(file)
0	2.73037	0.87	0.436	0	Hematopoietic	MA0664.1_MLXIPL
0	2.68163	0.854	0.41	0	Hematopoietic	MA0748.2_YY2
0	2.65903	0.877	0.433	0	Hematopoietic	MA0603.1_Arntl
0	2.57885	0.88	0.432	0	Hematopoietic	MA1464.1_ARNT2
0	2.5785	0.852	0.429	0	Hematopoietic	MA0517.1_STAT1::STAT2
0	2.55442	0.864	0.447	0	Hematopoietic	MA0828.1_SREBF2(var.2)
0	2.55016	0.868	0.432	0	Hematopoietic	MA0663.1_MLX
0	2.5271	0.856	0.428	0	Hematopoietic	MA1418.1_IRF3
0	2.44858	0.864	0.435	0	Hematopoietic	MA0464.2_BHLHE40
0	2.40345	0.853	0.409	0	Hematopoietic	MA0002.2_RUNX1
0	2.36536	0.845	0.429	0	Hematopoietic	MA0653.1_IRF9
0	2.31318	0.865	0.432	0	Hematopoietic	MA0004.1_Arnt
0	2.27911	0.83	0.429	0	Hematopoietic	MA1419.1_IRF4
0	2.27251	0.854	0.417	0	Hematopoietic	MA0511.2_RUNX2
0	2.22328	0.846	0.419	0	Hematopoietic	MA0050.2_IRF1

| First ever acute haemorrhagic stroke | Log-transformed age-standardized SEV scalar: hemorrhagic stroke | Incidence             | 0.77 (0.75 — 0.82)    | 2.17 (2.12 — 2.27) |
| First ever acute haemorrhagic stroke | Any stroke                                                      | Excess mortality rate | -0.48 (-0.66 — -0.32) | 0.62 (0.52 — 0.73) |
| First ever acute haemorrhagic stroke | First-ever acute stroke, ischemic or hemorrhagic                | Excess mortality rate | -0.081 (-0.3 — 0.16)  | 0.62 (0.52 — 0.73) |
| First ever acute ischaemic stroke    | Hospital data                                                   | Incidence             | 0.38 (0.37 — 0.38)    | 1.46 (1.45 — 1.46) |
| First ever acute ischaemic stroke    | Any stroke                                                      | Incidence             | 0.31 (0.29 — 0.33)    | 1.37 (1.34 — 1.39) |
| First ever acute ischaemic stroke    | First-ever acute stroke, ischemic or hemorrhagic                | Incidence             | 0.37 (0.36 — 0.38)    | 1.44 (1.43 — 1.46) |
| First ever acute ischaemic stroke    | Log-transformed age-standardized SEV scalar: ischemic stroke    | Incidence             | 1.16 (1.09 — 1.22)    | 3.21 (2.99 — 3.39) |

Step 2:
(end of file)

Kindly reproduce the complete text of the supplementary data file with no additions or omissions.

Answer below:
0	2.73037	0.87	0.436	0	Hematopoietic	MA0664.1_MLXIPL
0	2.68163	0.854	0.41	0	Hematopoietic	MA0748.2_YY2
0	2.65903	0.877	0.433	0	Hematopoietic	MA0603.1_Arntl
0	2.57885	0.88	0.432	0	Hematopoietic	MA1464.1_ARNT2
0	2.5785	0.852	0.429	0	Hematopoietic	MA0517.1_STAT1::STAT2
0	2.55442	0.864	0.447	0	Hematopoietic	MA0828.1_SREBF2(var.2)
0	2.55016	0.868	0.432	0	Hematopoietic	MA0663.1_MLX
0	2.5271	0.856	0.428	0	Hematopoietic	MA1418.1_IRF3
0	2.44858	0.864	0.435	0	Hematopoietic	MA0464.2_BHLHE40
0	2.40345	0.853	0.409	0	Hematopoietic	MA0002.2_RUNX1
0	2.36536	0.845	0.429	0	Hematopoietic	MA0653.1_IRF9
0	2.31318	0.865	0.432	0	Hematopoietic	MA0004.1_Arnt
0	2.27911	0.83	0.429	0	Hematopoietic	MA1419.1_IRF4
0	2.27251	0.854	0.417	0	Hematopoietic	MA0511.2_RUNX2
0	2.22328	0.846	0.419	0	Hematopoietic	MA0050.2_IRF1

| First ever acute haemorrhagic stroke | Log-transformed age-standardized SEV scalar: hemorrhagic stroke | Incidence             | 0.77 (0.75 — 0.82)    | 2.17 (2.12 — 2.27) |
| First ever acute haemorrhagic stroke | Any stroke                                                      | Excess mortality rate | -0.48 (-0.66 — -0.32) | 0.62 (0.52 — 0.73) |
| First ever acute haemorrhagic stroke | First-ever acute stroke, ischemic or hemorrhagic                | Excess mortality rate | -0.081 (-0.3 — 0.16)  | 0.62 (0.52 — 0.73) |
| First ever acute ischaemic stroke    | Hospital data                                                   | Incidence             | 0.38 (0.37 — 0.38)    | 1.46 (1.45 — 1.46) |
| First ever acute ischaemic stroke    | Any stroke                                                      | Incidence             | 0.31 (0.29 — 0.33)    | 1.37 (1.34 — 1.39) |
| First ever acute ischaemic stroke    | First-ever acute stroke, ischemic or hemorrhagic                | Incidence             | 0.37 (0.36 — 0.38)    | 1.44 (1.43 — 1.46) |
| First ever acute ischaemic stroke    | Log-transformed age-standardized SEV scalar: ischemic stroke    | Incidence             | 1.16 (1.09 — 1.22)    | 3.21 (2.99 — 3.39) |

Step 2: